Healthy questions about health insurance

By Julián Urrutia

I recently attended a presentation by Bernard Black about a study he is working on where he evaluates the effect of health insurance on overall mortality and health among the near-elderly through an observational study using the Health Retirement Survey. He found that health insurance, in general, was not associated with differences in health outcomes, except for public insurance, which he found to be associated with higher mortality.

Black concluded that we would be better off without health insurance because it has either no effect, or perhaps even a negative effect, on population health. I’m not sure the observational study design he relies on supports such a strong causal inference, despite the sophisticated econometrics he employs.  But I’ll leave the discussion about the internal and external validity of Black’s findings to the statisticians. I want to focus on his research question itself.

I find the question “what is the effect of health insurance on the health status of the near elderly” somewhat puzzling. In my view, health insurance is not a public health intervention or a healthcare service that is primarily meant to improve the health of any recipient; it’s really just a financial tool. Unlike iodizing salt or health education campaigns, we have no reason to expect that health insurance itself will improve the health of the average person.

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Could the Patient Protection and Affordable Care Act Have a Legitimacy Problem?

Public skepticism about the Patient Protection and Affordable Care Act could in a sense turn out to be self-fulfilling.  The success of the Exchanges will depend in large part on how many people enroll in them, that is, how many people comply with the individual mandate and sign up for insurance rather than take the tax penalty.  That is why we are starting to talk more and more about how many people will wind up enrolling; it’s important.  (For further reading in that vein, see Seth Chandler’s interesting post at his blog doubting that enrollment will reach projections, and John McDonough’s cautious predictions based on experience with the Massachusetts health insurance mandate.)

Many have based their projections on the Massachusetts experience, which is an interesting comparison for several reasons, for me none more than this one: the Massachusetts mandate was relatively uncontroversial.  One survey showed 64% approval for the law in general and 52% approval for the mandate.

It goes without saying, but the PPACA has not enjoyed that kind of popular support, for a variety of reasons.  According to a recent poll, the law enjoys only 40% approval in general and only 34% approval for the individual mandate.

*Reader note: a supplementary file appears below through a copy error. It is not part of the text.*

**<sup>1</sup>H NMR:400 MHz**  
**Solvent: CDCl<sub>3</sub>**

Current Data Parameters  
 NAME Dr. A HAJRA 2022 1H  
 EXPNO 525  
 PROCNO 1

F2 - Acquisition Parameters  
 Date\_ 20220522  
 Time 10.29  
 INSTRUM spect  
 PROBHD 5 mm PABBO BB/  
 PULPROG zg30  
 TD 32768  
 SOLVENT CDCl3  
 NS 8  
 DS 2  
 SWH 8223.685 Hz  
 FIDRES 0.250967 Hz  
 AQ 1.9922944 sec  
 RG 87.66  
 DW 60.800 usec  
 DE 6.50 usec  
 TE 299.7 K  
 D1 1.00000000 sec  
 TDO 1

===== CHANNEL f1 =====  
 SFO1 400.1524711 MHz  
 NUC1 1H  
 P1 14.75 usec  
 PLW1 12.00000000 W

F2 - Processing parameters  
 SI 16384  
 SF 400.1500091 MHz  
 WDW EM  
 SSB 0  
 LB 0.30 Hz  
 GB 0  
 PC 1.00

In theory the law is the law, so the fact that the Massachusetts mandate was more popular than is the PPACA’s individual mandate should not affect compliance.  Rather, that should be determined by the difference between the monetary penalty for non-compliance and the cost of a complying health plan.  (Under the PPACA in year one, the penalty is $95 or 1% of your taxable income, whichever is higher; under the Massachusetts law in year one, it was $219.  So the PPACA’s penalty is higher for those making more than $21,900 in taxable income.  I haven’t compared the premiums of complying plans in Massachusetts year one to the premiums of plans on the Exchanges.)

But there is research that suggests that the controversy surrounding the law could matter for compliance.   Read More

Great piece on ER pricing

By Nicholson Price

The New York Times has posted another installment of its excellent series, “Paying Till it Hurts,” by Elisabeth Rosenthal, this time on the astonishingly high costs of emergency room visits.  The piece is worth a read in full for its infuriating detail—really, I think the whole series is—but the message is pretty clear.  I’d also be remiss in not noting that the basic message, with its own set of excruciating details, was laid out in Steven Brill’s piece in Time magazine back in March.  But it’s such a big issue that it deserves this kind of attention.

The basic point is that the costs charged by hospitals are incredibly high, highly variable, and invariably opaque.  Hospitals price procedures, products, and everything else based on the typically secret (but not in California!) “chargemaster,” which lists sticker prices for everything.  Hospital executives speaking about the chargemaster say no one pays sticker price.  That may be true, but the discounts from sticker are almost totally opaque, which hampers the market’s cost-checking role (the Times piece describes Sutter Health contracts as having “gag clauses” so that insurers who negotiate with Sutter can’t tell the employers who are paying for the insurance what rates have been negotiated).  In addition, lots of locales are dominated by one or two hospital systems, which consolidate then raise prices without worrying much about competition.  Finally, most people aren’t comparison shopping for an ER visit anyway – even if they could.